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I am OpenGL developer. Through my career as programmer I coded mostly with compiled and strictly typed languages. Being curious about WebGL I tried coding with JavaScript. I don't really like the language and its design : loosely typed, lack of proper OOP and hard to debug.Now, I am here not to argue on JavaScript weakness but looking for other ways of doing the same. I looked for alternatives which would be closer to C++ or Java and found GWT GL wrapper and also DART language. Are there any downsides using these instead of JavaScript?

For example:

Is DART mature enough to use in commercial needs?

GWT wrapper performance vs "raw" JavaScript?

Also would appreciate additional info on working with WebGL without JavaScript.

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closed as not constructive by deceze, Seth Ladd, ThinkingStiff, Sindre Sorhus, SztupY Feb 2 '13 at 14:33

As it currently stands, this question is not a good fit for our Q&A format. We expect answers to be supported by facts, references, or expertise, but this question will likely solicit debate, arguments, polling, or extended discussion. If you feel that this question can be improved and possibly reopened, visit the help center for guidance.If this question can be reworded to fit the rules in the help center, please edit the question.

What is "not constructive" about it? – Michael IV Feb 1 '13 at 11:28
Not an answer to the "downsides" question, but have looked at three.dart? Examples at threedart.github.com/three.dart – Chris Buckett Feb 1 '13 at 11:35
Yes,dart looks interesting. – Michael IV Feb 1 '13 at 11:52
Thanks for the question, glad you're looking around at options. However, you're asking a subjective question which is a better fit for programmers.stackexchange.com. There people like to discuss the relative pros and cons of various solutions. – Seth Ladd Feb 1 '13 at 18:31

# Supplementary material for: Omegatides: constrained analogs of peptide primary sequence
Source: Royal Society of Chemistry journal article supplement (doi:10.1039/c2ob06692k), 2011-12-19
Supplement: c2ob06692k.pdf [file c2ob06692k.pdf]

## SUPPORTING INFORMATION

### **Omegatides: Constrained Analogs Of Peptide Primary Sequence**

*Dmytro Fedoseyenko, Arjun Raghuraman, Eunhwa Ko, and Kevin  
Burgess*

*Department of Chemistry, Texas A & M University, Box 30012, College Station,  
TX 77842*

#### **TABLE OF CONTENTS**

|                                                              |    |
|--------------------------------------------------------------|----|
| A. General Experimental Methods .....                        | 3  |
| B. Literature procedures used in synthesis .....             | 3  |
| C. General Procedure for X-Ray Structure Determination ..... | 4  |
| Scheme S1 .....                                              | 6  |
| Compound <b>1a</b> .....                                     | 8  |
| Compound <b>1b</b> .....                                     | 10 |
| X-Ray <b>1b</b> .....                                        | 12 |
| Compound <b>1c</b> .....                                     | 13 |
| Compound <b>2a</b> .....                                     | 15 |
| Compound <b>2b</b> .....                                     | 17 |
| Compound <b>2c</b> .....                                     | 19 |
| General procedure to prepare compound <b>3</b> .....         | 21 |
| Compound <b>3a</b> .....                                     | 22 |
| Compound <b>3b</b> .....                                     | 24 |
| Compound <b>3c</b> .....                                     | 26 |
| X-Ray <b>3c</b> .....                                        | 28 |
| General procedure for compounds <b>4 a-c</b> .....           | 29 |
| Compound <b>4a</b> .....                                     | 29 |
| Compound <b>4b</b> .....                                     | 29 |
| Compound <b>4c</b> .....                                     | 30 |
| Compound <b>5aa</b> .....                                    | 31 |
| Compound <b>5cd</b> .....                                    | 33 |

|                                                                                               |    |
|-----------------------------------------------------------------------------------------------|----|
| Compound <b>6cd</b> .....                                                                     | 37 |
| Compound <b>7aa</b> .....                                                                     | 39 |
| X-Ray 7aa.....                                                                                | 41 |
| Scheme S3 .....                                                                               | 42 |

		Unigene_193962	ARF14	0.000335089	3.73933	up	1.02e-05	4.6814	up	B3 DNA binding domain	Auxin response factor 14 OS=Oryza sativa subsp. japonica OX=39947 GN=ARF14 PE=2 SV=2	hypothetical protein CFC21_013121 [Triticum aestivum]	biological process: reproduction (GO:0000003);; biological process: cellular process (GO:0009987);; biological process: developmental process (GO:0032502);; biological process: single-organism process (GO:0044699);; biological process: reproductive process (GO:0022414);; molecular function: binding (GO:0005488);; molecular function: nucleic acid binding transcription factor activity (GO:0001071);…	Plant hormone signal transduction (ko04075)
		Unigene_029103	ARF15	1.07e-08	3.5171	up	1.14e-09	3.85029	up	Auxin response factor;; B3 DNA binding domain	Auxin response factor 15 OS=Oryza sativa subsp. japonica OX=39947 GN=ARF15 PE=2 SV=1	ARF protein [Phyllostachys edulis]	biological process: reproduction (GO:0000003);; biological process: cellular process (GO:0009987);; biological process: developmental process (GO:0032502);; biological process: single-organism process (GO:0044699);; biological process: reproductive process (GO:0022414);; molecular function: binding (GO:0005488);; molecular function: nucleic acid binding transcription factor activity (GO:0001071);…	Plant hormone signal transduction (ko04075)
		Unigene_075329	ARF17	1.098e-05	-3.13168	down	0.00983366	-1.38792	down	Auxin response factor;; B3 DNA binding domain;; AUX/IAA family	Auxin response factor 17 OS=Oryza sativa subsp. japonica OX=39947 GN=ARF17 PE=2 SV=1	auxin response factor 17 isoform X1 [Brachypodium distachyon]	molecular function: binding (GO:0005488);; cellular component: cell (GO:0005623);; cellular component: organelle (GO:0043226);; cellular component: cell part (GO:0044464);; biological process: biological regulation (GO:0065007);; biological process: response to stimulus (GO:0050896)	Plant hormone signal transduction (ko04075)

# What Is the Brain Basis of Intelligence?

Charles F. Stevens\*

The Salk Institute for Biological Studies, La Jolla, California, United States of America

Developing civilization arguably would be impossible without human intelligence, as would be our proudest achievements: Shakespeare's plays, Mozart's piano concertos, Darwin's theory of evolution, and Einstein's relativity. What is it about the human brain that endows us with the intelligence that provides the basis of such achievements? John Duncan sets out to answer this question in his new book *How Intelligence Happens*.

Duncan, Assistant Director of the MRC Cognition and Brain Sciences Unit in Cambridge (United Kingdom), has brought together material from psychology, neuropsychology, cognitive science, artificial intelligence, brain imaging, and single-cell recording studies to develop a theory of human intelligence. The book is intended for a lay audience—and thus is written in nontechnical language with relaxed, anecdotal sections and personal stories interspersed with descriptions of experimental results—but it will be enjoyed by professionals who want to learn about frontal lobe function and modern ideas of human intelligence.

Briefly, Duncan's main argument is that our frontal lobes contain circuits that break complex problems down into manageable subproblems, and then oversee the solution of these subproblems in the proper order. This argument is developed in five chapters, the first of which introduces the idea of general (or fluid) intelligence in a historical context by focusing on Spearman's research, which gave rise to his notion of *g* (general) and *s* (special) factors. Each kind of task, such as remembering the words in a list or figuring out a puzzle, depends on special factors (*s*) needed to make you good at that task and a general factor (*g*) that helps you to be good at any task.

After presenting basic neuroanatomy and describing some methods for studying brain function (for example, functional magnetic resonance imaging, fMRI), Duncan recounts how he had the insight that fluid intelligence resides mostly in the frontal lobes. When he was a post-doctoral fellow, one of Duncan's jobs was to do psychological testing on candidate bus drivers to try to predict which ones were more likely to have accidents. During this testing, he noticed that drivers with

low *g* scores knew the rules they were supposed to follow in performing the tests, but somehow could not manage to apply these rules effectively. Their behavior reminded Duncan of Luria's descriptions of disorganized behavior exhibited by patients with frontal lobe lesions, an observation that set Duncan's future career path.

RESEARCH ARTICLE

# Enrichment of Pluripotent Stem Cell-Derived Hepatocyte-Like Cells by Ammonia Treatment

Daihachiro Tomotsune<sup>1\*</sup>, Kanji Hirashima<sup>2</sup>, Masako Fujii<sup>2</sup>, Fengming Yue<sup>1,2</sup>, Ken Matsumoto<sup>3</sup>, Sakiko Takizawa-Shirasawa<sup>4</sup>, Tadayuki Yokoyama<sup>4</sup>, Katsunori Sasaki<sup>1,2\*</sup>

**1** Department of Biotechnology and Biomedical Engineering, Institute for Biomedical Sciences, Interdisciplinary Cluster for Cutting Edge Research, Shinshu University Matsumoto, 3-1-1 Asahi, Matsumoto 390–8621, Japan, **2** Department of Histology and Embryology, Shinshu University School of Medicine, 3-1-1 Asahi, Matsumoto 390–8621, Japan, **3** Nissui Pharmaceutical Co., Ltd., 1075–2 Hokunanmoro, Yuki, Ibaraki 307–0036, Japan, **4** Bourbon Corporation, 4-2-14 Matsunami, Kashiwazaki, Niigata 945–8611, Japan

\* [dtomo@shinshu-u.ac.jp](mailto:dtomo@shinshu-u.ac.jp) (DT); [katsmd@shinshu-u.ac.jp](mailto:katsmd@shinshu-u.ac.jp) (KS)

Thank for the tip. Will do exactly what you proposed next time :) – Michael IV Feb 1 '13 at 19:26
up vote 3 down vote accepted

I would not say that you should be worried by performance penalty of GWT or Dart, since they are not providing anything on top of original WebGL except of a thin wrapper. During compile time GWT performs optimisations to eliminate the unnecessary plumbing code. My guess is that GWT will perform as fast or slightly slower as "native" WebGL. But you will gain in productivity, proven tooling and programming practices of Java.

Speaking of Dart there are not so many production stories yet. Language and SDK looks seems to be stable enough (with some breaking changes from time to time). But the platform itself is not ready when you start asking questions like 'how to build and deploy?', 'how to test?' or 'how to package multi-module build?'. But I guess that for simpler projects Dart might be ready even today and you might find a lot of stuff to contribute.

As for other alternatives there is a number of languages, which generate to JavaScript and theoretically should provide capabilities to use WebGL and reuse the same API. ClojureScript, Kotlin, CoffeeScript and TypeScript to name few popular ones.

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The downsides to not using JavasScript

  1. Not understanding JavaScript when you run into those situation where your JavaScript generating tools fail you.

    GWT and Dart can only use the features that their developers have built in. You can add support for newer browser features but to do that you need to know JavaScript

  2. You won't be able to use tons of libraries.

    There are lots of amazing libraries for JavaScript. Three.js, d3.js, jquery, jqueryui, etc... and while it might be possible to use them with these other languages see #1 above.

  3. Because of #1 you'll have to learn twice as much. First you have to learn some new system (GWT, Dart, ...) then you still have learn JavaScript, then you have to understand how the language of your choice actually works with Javascript.

To spell that out

   Things you need to learn

   Choose JS          |    Choose other lang
   JavaScript         |    Other Lang
                      |    JavaScript
                      |    How other lang connects to JavaScript
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